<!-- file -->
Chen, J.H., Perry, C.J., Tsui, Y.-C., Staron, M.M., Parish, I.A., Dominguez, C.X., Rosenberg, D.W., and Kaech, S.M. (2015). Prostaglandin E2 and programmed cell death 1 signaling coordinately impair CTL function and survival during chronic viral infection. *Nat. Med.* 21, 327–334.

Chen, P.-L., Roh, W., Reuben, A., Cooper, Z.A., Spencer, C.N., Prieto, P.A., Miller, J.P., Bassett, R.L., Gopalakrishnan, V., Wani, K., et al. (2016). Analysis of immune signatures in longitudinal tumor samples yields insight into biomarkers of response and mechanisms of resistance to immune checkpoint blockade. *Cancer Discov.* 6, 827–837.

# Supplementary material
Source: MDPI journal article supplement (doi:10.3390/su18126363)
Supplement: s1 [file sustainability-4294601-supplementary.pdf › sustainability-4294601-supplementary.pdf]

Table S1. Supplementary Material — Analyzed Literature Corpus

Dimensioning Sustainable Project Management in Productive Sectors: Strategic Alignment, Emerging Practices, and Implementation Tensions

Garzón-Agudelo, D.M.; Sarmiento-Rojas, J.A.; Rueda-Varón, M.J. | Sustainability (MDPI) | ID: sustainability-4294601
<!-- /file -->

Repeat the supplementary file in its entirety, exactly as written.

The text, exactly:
Chen, J.H., Perry, C.J., Tsui, Y.-C., Staron, M.M., Parish, I.A., Dominguez, C.X., Rosenberg, D.W., and Kaech, S.M. (2015). Prostaglandin E2 and programmed cell death 1 signaling coordinately impair CTL function and survival during chronic viral infection. *Nat. Med.* 21, 327–334.

Chen, P.-L., Roh, W., Reuben, A., Cooper, Z.A., Spencer, C.N., Prieto, P.A., Miller, J.P., Bassett, R.L., Gopalakrishnan, V., Wani, K., et al. (2016). Analysis of immune signatures in longitudinal tumor samples yields insight into biomarkers of response and mechanisms of resistance to immune checkpoint blockade. *Cancer Discov.* 6, 827–837.

# Supplementary material
Source: MDPI journal article supplement (doi:10.3390/su18126363)
Supplement: s1 [file sustainability-4294601-supplementary.pdf › sustainability-4294601-supplementary.pdf]

Table S1. Supplementary Material — Analyzed Literature Corpus

Dimensioning Sustainable Project Management in Productive Sectors: Strategic Alignment, Emerging Practices, and Implementation Tensions

Garzón-Agudelo, D.M.; Sarmiento-Rojas, J.A.; Rueda-Varón, M.J. | Sustainability (MDPI) | ID: sustainability-4294601